Nicholas Eberstadt outlines for National Review Online readers key problems in the American government’s approach to North Korea.

North Korea is embarked on a steady, methodical, and relentless journey whose intended endpoint is a credible capability to hit New York and Washington with nuclear weapons. Pyongyang’s nuclear test in January is only the latest reminder that America’s policy response to nuclear proliferation in North Korea is a prolonged, and thoroughly bipartisan, failure. Our policy is a failure because our public and our leaders do not understand our adversary and his intentions. We cannot hope to cope successfully with the North Korean threat until we do.

The late “Dear Leader” Kim Jong Il (son of regime founder “Great Leader” Kim Il Sung; father to current “Dear Respected Marshal” Kim Jong Un) used to speak of hiding his own politics, and in fact his entire country, “inside a fog” — of deliberately concealing his government’s calculations, strengths, and vulnerabilities from foreign eyes. Yet our seemingly unending inability to fathom Pyongyang’s true objectives, and our attendant proclivity for being taken by surprise over and over again by North Korean actions, is not just a matter of succumbing to Pyongyang’s strategic deceptions, assiduous as those efforts might be.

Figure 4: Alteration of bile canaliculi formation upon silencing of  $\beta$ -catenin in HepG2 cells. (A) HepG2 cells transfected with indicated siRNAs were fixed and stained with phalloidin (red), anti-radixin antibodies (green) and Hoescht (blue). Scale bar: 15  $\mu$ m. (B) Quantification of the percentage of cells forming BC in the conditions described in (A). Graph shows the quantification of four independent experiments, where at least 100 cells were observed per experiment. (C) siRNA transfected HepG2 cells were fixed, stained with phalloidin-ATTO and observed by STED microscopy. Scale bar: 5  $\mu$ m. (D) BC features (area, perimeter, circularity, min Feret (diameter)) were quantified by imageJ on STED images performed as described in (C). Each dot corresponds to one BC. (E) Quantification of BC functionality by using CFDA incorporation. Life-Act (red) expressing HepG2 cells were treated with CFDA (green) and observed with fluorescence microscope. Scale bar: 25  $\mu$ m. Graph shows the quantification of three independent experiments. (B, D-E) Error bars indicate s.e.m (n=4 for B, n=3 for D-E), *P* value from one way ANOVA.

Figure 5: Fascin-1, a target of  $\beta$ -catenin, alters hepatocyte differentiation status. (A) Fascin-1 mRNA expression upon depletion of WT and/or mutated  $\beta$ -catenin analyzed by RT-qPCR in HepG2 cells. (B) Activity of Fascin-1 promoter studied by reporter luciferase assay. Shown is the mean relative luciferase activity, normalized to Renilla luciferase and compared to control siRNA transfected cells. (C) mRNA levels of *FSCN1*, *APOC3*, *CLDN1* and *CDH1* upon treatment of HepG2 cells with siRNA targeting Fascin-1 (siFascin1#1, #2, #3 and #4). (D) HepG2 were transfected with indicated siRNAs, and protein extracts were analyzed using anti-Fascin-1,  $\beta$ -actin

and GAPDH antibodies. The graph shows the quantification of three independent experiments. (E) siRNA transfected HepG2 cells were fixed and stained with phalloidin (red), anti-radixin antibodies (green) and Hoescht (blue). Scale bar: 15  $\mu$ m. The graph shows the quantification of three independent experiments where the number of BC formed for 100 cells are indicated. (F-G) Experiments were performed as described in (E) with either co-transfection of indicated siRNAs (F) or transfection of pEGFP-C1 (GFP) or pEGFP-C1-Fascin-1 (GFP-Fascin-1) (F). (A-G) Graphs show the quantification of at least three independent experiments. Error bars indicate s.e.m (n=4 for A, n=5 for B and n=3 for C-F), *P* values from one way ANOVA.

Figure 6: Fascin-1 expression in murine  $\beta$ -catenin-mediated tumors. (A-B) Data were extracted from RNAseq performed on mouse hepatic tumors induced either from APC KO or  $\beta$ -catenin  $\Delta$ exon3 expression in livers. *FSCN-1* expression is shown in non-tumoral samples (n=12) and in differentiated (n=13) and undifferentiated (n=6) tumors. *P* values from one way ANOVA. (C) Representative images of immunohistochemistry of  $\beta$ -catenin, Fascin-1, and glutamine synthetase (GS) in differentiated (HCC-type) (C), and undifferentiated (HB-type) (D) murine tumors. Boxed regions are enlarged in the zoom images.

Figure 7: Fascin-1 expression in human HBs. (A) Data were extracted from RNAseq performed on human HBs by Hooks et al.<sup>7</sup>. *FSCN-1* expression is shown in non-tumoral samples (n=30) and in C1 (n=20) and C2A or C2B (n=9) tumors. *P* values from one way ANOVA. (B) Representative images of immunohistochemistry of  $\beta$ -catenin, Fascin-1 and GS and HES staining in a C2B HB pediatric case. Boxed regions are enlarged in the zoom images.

The trouble, rather, is that even our top foreign-policy experts and our most sophisticated diplomatists are perforce creatures of their own cultural heritage and intellectual environment. We Americans are, so to speak, children of the Enlightenment, steeped in the precepts of our highly globalized era. Which is to say: We have absolutely no common point of reference with the worldview or moral compass or first premises of the closed-society decision-makers who control the North Korean state. Americans’ first instincts are to misunderstand practically everything that the North Korean state is really about.